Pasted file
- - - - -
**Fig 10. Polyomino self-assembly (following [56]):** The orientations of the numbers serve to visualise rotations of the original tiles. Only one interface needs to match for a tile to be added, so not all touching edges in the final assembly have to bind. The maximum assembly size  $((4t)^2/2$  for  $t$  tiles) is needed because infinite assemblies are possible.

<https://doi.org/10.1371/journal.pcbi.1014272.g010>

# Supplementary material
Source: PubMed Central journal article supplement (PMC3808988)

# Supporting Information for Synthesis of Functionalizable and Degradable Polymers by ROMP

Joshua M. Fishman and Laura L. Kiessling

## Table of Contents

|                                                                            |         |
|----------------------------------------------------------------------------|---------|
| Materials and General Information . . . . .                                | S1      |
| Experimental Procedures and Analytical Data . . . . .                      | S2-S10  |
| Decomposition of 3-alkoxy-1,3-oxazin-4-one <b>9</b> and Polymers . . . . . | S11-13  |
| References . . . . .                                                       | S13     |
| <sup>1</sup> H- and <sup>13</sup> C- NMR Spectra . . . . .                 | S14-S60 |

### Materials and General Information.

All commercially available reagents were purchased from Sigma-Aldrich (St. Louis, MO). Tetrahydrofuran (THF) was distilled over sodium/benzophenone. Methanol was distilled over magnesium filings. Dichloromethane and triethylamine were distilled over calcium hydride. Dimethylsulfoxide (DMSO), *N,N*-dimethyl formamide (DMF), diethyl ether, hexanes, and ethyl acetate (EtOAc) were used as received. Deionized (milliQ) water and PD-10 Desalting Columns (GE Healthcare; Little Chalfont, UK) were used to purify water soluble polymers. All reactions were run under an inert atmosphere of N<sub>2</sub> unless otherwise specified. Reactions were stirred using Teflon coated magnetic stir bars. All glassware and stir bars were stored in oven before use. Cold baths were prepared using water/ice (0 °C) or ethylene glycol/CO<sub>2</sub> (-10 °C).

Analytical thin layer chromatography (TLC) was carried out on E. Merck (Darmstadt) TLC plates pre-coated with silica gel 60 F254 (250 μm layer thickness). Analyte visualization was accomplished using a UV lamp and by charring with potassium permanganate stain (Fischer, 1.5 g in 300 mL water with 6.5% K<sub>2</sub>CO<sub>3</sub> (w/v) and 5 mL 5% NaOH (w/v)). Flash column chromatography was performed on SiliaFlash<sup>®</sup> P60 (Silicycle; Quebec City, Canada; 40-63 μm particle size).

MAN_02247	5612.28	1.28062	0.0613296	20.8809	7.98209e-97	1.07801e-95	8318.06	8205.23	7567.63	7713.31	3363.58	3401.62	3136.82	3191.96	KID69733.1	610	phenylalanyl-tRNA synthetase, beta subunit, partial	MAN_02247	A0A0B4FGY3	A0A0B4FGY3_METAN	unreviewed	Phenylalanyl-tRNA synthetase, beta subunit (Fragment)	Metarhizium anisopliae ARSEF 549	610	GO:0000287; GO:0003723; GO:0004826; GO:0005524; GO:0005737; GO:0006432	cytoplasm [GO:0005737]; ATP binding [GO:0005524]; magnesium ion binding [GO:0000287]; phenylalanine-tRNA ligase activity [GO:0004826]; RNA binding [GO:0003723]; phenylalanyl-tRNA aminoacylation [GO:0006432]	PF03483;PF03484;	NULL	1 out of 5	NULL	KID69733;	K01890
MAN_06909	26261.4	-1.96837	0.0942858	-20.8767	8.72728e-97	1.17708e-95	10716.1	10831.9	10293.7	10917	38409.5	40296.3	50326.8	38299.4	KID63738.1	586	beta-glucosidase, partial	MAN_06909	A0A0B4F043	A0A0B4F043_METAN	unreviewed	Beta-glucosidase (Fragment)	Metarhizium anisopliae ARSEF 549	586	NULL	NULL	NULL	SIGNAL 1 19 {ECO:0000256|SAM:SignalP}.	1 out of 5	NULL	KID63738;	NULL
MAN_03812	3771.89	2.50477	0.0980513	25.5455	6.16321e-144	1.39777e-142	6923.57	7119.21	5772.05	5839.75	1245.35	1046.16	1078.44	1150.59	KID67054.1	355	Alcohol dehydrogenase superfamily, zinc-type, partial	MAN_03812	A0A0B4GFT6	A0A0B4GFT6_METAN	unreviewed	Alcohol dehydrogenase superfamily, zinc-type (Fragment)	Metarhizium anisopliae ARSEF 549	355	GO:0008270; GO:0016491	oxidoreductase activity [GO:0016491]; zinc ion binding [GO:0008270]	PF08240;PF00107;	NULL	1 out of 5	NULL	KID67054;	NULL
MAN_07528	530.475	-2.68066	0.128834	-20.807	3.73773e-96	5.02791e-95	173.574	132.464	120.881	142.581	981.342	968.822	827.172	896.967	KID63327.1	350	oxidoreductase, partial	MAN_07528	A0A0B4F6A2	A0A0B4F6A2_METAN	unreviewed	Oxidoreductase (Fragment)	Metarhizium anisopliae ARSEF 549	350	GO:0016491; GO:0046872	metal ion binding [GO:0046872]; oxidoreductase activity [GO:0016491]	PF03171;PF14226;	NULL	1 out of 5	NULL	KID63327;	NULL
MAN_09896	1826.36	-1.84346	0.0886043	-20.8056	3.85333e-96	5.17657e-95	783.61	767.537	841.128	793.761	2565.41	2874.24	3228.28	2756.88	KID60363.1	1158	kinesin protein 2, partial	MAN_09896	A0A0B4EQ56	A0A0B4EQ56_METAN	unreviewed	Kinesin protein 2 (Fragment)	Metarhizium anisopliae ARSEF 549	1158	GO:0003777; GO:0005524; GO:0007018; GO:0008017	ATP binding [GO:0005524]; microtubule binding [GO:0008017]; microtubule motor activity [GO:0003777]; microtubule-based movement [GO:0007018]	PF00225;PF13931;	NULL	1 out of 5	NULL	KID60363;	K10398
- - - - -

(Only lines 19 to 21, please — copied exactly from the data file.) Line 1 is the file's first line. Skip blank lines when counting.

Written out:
MAN_06909	26261.4	-1.96837	0.0942858	-20.8767	8.72728e-97	1.17708e-95	10716.1	10831.9	10293.7	10917	38409.5	40296.3	50326.8	38299.4	KID63738.1	586	beta-glucosidase, partial	MAN_06909	A0A0B4F043	A0A0B4F043_METAN	unreviewed	Beta-glucosidase (Fragment)	Metarhizium anisopliae ARSEF 549	586	NULL	NULL	NULL	SIGNAL 1 19 {ECO:0000256|SAM:SignalP}.	1 out of 5	NULL	KID63738;	NULL
MAN_03812	3771.89	2.50477	0.0980513	25.5455	6.16321e-144	1.39777e-142	6923.57	7119.21	5772.05	5839.75	1245.35	1046.16	1078.44	1150.59	KID67054.1	355	Alcohol dehydrogenase superfamily, zinc-type, partial	MAN_03812	A0A0B4GFT6	A0A0B4GFT6_METAN	unreviewed	Alcohol dehydrogenase superfamily, zinc-type (Fragment)	Metarhizium anisopliae ARSEF 549	355	GO:0008270; GO:0016491	oxidoreductase activity [GO:0016491]; zinc ion binding [GO:0008270]	PF08240;PF00107;	NULL	1 out of 5	NULL	KID67054;	NULL
MAN_07528	530.475	-2.68066	0.128834	-20.807	3.73773e-96	5.02791e-95	173.574	132.464	120.881	142.581	981.342	968.822	827.172	896.967	KID63327.1	350	oxidoreductase, partial	MAN_07528	A0A0B4F6A2	A0A0B4F6A2_METAN	unreviewed	Oxidoreductase (Fragment)	Metarhizium anisopliae ARSEF 549	350	GO:0016491; GO:0046872	metal ion binding [GO:0046872]; oxidoreductase activity [GO:0016491]	PF03171;PF14226;	NULL	1 out of 5	NULL	KID63327;	NULL